The Republican debate last night proved the adage that all politics is personal. And you can tell that Mitt RomneyWillard (Mitt) Mitt RomneyAthlete Peter Frates dies of ALS after becoming face of Ice Bucket Challenge Ex-Rep. Scott Taylor to seek old Virginia seat The Hill's Morning Report - Sponsored by AdvaMed - A crucial week on impeachment MORE and John McCainJohn Sidney McCainEx-Rep. Scott Taylor to seek old Virginia seat Man acquitted over tweet offering 0 to killing an ICE agent Lessons of the Kamala Harris campaign MORE hold each other in personally low regard.

The other candidates share McCain’s view of Romney. Mike Huckabee clearly can’t stand him. Giuliani couldn’t endorse McCain fast enough. Thompson seemed to relish taking votes away from him in South Carolina.

Romney has been the attack dog in this pack. He launched tough ads against each one of the opponents when they were the leaders. He slashed at Giuliani when he looked like he was going to run away with it. He lunged at Huckabee in Iowa. He tried to destroy McCain in New Hampshire and Michigan. He smacked Thompson in South Carolina. But his instinct to go first for the jugular has enraged his fellow competitors. And now they want payback.

The most uncomfortable moment in the debate was when McCain kept quoting Romney as saying “we don’t want them to wait in the weeds,” a comment that seemed to confirm Romney’s opposition to timetables in Iraq. Anderson Cooper bailed McCain out by quoting Romney’s statement that actually used the word “timetables.” And then Romney complained about McCain’s tactic of making this charge right before the Florida primary, making Romney look like a whiner, especially after all the negative commercials he has run against all of his opponents.

The whole exchange reminded me of two drunk guys in a bar who get into a heated debate on a stupid topic, like who is the best quarterback in the NFL. It made both of them look silly.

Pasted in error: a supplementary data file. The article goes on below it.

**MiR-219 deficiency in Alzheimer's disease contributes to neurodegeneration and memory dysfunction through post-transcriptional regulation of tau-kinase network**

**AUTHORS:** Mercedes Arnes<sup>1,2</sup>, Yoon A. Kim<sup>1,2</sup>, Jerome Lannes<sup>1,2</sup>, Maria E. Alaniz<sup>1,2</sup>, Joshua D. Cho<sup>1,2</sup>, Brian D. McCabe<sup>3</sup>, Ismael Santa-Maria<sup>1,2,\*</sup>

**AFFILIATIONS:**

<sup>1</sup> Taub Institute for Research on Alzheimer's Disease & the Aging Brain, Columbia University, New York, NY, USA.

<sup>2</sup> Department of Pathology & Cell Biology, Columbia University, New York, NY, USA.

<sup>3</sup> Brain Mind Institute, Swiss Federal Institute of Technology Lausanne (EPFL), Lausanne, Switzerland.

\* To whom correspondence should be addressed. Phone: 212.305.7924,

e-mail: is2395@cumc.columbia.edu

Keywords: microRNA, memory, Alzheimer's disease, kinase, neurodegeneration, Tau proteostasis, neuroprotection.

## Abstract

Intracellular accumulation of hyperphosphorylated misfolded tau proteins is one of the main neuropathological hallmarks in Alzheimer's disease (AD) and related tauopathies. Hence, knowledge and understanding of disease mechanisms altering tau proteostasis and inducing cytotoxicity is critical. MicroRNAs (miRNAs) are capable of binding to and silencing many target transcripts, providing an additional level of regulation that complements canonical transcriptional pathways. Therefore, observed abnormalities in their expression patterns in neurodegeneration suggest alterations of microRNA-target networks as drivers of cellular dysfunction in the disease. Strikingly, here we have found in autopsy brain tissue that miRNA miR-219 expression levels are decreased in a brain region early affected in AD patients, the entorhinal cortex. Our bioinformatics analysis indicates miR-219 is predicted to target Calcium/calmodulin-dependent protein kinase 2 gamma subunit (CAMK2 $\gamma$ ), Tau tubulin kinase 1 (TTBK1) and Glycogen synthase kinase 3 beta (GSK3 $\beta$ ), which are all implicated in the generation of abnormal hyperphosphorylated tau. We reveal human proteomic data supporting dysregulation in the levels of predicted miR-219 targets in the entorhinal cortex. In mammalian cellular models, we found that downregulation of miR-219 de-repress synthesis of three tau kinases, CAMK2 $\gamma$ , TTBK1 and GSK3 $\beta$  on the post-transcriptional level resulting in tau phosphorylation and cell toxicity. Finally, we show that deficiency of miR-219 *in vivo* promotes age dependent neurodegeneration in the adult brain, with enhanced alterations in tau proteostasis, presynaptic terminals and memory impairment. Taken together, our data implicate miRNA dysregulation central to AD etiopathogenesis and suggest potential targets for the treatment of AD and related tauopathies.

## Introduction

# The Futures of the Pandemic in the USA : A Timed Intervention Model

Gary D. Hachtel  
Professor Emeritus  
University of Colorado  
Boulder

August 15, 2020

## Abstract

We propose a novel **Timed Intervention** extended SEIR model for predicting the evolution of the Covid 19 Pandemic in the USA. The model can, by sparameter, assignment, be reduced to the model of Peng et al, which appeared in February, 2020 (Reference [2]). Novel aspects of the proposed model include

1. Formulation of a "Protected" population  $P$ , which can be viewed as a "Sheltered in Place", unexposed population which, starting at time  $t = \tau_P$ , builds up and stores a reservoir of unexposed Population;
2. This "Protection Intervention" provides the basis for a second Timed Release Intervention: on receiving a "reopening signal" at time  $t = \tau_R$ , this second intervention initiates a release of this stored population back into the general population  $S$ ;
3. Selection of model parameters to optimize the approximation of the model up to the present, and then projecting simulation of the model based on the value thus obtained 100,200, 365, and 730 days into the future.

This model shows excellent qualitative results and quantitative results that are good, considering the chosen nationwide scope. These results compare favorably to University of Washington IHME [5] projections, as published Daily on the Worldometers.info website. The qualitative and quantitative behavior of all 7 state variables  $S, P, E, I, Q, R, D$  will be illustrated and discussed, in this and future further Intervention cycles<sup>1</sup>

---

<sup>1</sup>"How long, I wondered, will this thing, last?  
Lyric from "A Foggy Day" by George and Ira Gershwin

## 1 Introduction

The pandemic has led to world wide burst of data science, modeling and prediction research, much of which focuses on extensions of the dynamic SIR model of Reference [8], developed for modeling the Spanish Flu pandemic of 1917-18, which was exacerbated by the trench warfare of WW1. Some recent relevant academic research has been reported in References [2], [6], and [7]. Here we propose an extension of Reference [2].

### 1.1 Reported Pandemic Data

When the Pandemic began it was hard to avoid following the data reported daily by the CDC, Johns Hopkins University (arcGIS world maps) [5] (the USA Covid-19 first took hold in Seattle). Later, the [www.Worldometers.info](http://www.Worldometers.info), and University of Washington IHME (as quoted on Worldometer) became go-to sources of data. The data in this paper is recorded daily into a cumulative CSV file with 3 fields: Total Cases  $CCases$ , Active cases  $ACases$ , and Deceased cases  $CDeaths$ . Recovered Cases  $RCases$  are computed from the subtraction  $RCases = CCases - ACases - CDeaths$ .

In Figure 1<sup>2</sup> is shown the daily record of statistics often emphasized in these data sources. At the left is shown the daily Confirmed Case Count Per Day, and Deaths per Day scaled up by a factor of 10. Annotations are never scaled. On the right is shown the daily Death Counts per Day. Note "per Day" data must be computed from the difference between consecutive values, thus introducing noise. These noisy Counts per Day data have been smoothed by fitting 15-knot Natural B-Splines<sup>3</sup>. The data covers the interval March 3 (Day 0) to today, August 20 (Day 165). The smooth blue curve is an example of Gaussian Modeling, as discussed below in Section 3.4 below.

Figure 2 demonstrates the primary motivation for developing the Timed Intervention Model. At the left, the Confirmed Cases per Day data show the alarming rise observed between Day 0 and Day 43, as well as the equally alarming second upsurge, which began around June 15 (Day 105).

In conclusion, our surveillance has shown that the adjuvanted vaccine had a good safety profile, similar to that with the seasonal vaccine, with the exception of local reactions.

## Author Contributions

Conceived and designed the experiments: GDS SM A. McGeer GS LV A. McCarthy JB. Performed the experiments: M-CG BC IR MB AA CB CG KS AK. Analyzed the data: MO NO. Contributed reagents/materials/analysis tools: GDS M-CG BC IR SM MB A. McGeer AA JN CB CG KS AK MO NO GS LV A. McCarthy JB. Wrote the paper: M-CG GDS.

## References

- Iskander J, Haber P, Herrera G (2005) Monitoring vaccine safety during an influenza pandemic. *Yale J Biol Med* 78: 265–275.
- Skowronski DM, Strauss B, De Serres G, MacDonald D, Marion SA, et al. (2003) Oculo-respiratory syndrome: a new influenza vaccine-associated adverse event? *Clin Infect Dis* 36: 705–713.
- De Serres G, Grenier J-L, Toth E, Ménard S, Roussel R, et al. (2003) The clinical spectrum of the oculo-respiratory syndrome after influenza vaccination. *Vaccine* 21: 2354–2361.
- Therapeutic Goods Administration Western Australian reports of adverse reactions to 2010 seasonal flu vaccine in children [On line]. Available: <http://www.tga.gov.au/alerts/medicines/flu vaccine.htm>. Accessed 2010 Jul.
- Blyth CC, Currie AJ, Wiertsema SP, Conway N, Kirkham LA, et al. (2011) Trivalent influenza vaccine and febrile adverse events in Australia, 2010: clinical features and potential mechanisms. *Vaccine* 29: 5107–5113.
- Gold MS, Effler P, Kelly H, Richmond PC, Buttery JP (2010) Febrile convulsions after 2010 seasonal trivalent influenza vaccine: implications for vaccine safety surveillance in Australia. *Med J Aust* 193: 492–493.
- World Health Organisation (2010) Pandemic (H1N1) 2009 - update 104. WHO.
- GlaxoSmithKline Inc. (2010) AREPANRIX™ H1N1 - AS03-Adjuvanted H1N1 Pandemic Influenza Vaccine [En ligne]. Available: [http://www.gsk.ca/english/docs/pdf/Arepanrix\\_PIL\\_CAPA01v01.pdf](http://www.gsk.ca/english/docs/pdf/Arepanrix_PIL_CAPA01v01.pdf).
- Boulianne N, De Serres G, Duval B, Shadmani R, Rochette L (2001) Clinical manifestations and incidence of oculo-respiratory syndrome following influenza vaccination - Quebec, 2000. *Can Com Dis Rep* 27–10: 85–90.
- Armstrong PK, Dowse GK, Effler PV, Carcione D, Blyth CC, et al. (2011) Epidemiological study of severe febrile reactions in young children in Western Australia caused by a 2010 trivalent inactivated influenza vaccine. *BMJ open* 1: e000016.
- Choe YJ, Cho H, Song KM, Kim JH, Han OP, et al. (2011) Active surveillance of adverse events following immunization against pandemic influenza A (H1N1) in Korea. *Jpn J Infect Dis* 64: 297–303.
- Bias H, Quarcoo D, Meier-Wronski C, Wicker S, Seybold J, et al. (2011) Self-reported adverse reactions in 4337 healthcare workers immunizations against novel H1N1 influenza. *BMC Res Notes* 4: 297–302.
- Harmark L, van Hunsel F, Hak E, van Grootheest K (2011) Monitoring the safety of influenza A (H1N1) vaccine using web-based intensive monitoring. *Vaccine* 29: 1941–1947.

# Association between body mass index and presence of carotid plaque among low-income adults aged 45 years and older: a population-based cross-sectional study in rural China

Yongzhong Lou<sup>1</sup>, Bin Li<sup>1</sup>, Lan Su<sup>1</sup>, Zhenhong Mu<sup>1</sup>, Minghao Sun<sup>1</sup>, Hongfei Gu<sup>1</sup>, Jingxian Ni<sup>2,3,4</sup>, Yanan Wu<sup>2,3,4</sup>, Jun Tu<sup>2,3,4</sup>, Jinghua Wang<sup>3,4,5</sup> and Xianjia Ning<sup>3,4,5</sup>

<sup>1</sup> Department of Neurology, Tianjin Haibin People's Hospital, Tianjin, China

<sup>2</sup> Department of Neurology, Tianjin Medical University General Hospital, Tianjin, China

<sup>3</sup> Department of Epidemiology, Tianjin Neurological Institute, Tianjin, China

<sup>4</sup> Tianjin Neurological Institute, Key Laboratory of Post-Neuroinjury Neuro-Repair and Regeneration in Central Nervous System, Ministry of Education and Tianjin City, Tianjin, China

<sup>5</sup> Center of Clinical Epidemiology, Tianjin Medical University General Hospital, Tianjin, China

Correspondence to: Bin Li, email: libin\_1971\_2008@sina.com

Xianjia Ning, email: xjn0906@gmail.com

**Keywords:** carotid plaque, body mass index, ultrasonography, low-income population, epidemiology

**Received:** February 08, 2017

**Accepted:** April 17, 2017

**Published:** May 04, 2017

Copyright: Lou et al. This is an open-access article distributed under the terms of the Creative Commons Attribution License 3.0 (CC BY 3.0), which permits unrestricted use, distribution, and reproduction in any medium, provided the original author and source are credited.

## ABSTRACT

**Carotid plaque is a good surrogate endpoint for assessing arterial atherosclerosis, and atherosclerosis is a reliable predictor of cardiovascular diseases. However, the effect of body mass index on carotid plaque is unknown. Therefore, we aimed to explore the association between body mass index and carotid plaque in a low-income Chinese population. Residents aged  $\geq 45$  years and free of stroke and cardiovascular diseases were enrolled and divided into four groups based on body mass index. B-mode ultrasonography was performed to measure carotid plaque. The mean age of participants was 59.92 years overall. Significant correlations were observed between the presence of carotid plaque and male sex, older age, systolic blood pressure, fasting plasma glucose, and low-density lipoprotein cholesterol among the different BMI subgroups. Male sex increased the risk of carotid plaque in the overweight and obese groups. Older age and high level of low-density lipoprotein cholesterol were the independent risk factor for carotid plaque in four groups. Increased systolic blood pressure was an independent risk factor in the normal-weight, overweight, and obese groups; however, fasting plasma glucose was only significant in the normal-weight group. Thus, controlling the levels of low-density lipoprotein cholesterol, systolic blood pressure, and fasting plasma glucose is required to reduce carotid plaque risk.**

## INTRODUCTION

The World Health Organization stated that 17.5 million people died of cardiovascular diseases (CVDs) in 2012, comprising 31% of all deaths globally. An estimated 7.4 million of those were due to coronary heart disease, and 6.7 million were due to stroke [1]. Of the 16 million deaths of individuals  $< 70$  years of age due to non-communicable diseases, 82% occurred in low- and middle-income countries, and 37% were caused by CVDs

Mike Huckabee did the best of the bunch, when given the opportunity. He didn’t immediately claim that Ronald Reagan would endorse him, making him look both humble and, well, right, unlike Romney, who, when asked the same question, looked like the brown-nosing kid who always raises his hand first. Huckabee is clever with language, and he can keep driving the same message without saying exactly the same thing, a useful trait in a politician.

McCain has got to stop using the line that he is someone who led out of patriotism, not out of profit. As a small-business owner, I actually like profits, and think that people who create jobs and businesses are every bit as patriotic as anybody else in this country.

I am not sure whom Ronald Reagan would support in this election. I think he would like Huckabee’s humor, McCain’s steadfastness, Romney’s business sense and even Ron Paul’s distrust of our monetary system. But the question today is not whom Ronald Reagan would support. The better question is which one of these candidates will beat Hillary Clinton.